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Captives of the Deadly Duo
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Like all of the Fantastic Four's most successful supervillains of this era, Namor The Submariner has a tragic backstory which informs his villainy. He isn't evil at heart, he has his own logical justification for doing what he does. In his case, he decides to take vengeance on the human race after discovering that his homeland of Atlantis has been destroyed by atomic tests. Fair enough really.
The first four and a half pages of this story are taken up with the characters going about their daily business (including answering fan-mail), bickering with and worrying about each other. It's often said that this concentration on character was what set Marvel apart from its competitors at the time, and that's clearly the case here. The Fantastic Four definitely do not get on like chums all the time and the basic principles of their characters are already in place, especially for the frustrated, angry Ben and the pompous Reed.
While this is going on a pleasure boat out at sea spots a school of porpoises frolicking through the waves. On closer examination they realise that there's a human swimming amongst them - this is Namor, chillaxing between attempts at world domination. When his fun is disturbed by a flying vessel buzzing the school Namor leaps out of the sea and jumps onto its wing, demanding to know who'd ruining his leisure time. It turns out that the pilot is none other than Doctor Doom, getting Namor's attention in order to propose an alliance. Clearly since last time we saw him he found that "hidden site" he was off to. Note that once again he's talking about combining science and sorcery - this, as the modern young people might say, is his "jam".
They head back to Namor's home in the ruins of Atlantis to discuss teaming up, and Doom is surprised to find out just how chillaxed Namor really is. Doom needs the Submariner ready to fight, so he taunts him repeatedly until he's angry enough to agree to a team-up. Jack Kirby draws this brilliantly: Psychological manipulation is another of Doom's core strengths, using it to get other people to do his dirty work for him and, as we shall see, it's all part of another cunning scheme.
It's worth noting that Doom's costume has changed slightly since the last issue, looking less medieval and almost exactly how it will remain for most of the next fifty years. The only big difference is that he has a single clasp holding his cloak together at the front, rather than the two large golden discs and chain of his classic look, but otherwise his design is already fully formed.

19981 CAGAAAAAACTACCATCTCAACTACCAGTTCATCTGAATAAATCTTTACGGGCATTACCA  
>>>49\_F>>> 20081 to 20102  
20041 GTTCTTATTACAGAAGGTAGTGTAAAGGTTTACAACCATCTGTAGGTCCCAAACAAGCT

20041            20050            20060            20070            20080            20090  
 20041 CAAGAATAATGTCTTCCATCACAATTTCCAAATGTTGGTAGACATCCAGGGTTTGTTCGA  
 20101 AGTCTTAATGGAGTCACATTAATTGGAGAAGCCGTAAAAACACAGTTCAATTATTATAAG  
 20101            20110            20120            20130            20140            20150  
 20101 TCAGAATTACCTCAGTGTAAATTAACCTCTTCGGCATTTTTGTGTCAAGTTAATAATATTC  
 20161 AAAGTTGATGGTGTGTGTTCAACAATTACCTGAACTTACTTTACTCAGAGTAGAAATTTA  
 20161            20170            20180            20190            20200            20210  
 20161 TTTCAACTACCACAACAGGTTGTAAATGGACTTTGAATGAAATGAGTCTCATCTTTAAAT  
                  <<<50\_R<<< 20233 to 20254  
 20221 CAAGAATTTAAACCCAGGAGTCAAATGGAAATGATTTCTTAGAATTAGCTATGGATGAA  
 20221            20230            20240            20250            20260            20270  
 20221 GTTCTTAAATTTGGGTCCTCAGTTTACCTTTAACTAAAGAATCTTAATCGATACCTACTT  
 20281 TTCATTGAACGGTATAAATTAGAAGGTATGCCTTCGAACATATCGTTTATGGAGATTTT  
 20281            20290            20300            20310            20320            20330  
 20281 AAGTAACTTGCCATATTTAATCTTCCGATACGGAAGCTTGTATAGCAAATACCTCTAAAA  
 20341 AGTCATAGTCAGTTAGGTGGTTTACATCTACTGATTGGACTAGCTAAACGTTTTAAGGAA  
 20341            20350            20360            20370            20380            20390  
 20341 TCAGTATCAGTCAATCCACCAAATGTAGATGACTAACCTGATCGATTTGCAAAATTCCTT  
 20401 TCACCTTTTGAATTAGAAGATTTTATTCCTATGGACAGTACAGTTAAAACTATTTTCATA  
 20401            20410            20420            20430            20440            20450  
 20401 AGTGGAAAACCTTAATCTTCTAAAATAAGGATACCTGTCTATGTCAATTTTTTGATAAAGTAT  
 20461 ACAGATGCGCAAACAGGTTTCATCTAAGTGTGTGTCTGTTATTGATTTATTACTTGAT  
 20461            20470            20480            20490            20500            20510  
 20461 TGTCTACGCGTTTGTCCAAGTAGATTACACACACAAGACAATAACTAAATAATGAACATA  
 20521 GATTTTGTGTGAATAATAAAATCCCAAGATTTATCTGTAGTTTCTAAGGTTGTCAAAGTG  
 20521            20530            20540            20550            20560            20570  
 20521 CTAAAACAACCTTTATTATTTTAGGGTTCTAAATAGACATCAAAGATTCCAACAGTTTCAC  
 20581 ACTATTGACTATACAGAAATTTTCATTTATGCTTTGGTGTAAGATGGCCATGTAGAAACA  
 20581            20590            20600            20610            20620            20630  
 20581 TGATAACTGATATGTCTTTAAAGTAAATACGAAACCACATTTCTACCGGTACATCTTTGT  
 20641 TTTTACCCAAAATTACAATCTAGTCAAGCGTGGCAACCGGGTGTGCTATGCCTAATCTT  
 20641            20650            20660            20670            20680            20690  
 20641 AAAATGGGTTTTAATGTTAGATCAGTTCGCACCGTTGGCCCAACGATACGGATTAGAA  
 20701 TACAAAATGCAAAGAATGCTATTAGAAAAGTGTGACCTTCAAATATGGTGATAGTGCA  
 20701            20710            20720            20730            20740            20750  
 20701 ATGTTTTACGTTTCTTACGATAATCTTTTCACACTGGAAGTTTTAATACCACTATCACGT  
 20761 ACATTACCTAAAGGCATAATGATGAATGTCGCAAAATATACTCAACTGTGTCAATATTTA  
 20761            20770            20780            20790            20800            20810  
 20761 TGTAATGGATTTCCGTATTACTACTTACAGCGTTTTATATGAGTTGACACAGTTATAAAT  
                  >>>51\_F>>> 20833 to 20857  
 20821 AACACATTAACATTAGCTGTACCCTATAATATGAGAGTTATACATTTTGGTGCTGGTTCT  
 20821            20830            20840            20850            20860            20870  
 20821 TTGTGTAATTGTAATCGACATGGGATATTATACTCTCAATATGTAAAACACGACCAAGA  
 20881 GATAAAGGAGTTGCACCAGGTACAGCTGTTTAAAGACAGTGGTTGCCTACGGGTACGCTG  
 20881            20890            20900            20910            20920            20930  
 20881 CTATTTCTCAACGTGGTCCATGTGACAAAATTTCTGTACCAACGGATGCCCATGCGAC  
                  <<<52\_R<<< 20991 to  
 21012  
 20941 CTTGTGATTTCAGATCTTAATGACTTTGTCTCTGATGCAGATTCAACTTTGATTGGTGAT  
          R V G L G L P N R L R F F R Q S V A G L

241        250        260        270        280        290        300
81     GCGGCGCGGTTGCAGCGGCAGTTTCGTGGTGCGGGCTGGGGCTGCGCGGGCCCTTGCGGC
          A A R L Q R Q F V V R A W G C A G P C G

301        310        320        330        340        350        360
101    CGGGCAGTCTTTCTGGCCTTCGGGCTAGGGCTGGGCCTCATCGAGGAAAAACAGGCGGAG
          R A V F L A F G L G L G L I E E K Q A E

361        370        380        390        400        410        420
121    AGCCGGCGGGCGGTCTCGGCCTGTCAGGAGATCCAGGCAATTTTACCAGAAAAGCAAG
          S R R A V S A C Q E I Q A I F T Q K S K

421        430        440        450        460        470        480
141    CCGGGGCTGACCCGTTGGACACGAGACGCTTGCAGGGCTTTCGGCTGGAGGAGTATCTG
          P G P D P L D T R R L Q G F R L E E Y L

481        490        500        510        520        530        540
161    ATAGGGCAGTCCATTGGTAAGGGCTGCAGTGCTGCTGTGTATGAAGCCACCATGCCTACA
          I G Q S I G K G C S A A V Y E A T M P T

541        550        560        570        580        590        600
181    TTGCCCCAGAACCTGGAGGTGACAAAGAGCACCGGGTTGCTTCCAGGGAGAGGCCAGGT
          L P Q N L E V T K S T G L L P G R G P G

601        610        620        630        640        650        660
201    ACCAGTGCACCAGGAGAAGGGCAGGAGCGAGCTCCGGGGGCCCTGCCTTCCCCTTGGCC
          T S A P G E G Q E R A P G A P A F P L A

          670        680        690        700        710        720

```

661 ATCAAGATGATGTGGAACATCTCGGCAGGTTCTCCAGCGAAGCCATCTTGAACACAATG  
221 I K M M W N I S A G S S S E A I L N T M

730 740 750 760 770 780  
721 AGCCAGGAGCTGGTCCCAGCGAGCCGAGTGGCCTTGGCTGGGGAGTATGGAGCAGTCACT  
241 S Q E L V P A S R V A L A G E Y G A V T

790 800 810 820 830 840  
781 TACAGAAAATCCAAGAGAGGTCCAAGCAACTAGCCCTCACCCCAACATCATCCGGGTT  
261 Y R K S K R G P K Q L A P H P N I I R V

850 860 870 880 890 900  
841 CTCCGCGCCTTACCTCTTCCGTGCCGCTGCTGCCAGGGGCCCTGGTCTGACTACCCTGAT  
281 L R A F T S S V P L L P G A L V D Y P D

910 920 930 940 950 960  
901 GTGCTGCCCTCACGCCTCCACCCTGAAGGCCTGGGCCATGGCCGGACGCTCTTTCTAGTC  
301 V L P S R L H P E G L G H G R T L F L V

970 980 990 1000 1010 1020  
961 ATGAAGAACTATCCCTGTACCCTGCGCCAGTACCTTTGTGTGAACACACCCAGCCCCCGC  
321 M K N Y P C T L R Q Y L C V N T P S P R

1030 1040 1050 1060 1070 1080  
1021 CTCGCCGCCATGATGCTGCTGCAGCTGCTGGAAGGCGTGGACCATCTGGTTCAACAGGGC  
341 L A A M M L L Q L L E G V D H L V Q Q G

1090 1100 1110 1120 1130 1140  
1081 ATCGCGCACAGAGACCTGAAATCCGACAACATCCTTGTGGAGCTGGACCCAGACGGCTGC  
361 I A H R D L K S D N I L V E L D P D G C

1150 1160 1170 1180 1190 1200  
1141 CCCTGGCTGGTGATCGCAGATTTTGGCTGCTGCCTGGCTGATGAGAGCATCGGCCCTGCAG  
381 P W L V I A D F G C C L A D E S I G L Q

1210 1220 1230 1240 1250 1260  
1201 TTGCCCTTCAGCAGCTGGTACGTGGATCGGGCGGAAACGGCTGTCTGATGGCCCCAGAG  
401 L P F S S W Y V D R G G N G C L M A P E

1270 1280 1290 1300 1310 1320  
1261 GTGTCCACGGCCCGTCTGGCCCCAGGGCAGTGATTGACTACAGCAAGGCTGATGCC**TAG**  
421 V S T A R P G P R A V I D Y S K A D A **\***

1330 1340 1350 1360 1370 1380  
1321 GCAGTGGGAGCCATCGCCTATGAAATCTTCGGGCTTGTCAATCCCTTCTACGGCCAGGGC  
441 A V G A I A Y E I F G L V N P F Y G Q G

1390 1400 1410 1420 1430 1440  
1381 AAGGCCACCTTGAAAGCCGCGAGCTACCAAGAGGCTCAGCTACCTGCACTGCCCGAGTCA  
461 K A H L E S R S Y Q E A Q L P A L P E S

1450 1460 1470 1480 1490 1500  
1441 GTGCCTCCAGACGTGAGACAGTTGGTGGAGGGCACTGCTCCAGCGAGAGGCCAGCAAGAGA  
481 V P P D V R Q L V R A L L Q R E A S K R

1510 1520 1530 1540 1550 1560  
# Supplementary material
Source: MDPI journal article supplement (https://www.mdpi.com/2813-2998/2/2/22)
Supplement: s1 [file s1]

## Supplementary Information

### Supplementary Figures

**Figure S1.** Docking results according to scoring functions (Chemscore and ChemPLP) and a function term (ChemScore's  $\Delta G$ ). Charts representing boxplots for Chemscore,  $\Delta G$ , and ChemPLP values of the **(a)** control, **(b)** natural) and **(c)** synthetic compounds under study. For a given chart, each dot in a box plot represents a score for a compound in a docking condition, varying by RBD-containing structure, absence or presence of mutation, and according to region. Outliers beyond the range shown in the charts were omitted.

Back at Fantastic Four headquarters Johnny Storm finds a picture of Namor hidden amongst his big sister Sue's things. Like any annoying little brother he takes great pleasure in teasing her about it, at which point Namor himself appears, having flown in through the window. He claims to be on a mission of peace, and Sue stands up for him by pressing herself very closely indeed against his naked chest. Where are you putting your hands, Sue?
Reed suspects that this is a trap, and he's right, of course, as another of Doctor Doom's amazing science gizmos lifts the entire building off the ground and into space with them all inside it. This is an incredible piece of artwork, it makes me feel vertigo just looking at it! Doctor Doom is double cunning here, as the trap for the Fantastic Four is also a trap for Namor - he has identified these five people as the only ones who can stop him in his quest for world domination, and now they're all out of the way at once! Eventually, after quite a lot of arguing, the Fantastic Four and Namor are able to work together, with Namor leaping through space from meteor to meteor to get to Doom where he uses the power of an electrical eel (which apparently he also possesses) to electrocute him and send him tumbling into space, where he is apparently lost for eternity. Spoilers: he isn't.
Two other quick things to note about this story. Firstly, the actual plot doesn't take very long, with the solution to the problem of Doom's kidnap attempt being wrapped up pretty simply in the last couple of pages. What matters is not the "puzzle" set by the villain, as would have been the case in other superhero comics of the time, but the interpersonal relationships of the characters. Secondly, this isn't really a story about the Fantastic Four at all, it's actually about the different approaches of Namor and Doom. To use classical storytelling vocabulary, Namor is the Protagonist who is met with a challenge, is tempted by the dark side, and renounces it, to return home changed, whereas Doctor Doom is the Antagonist, the evil reflection of the Protagonist who tempts him and must be rejected. It's their conflict that plays out here, demonstrating once again how important supervillains are in these stories, and why, once you've got a good one, you need to keep bringing them back!
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posted 24/1/2018 by Mark Hibbett
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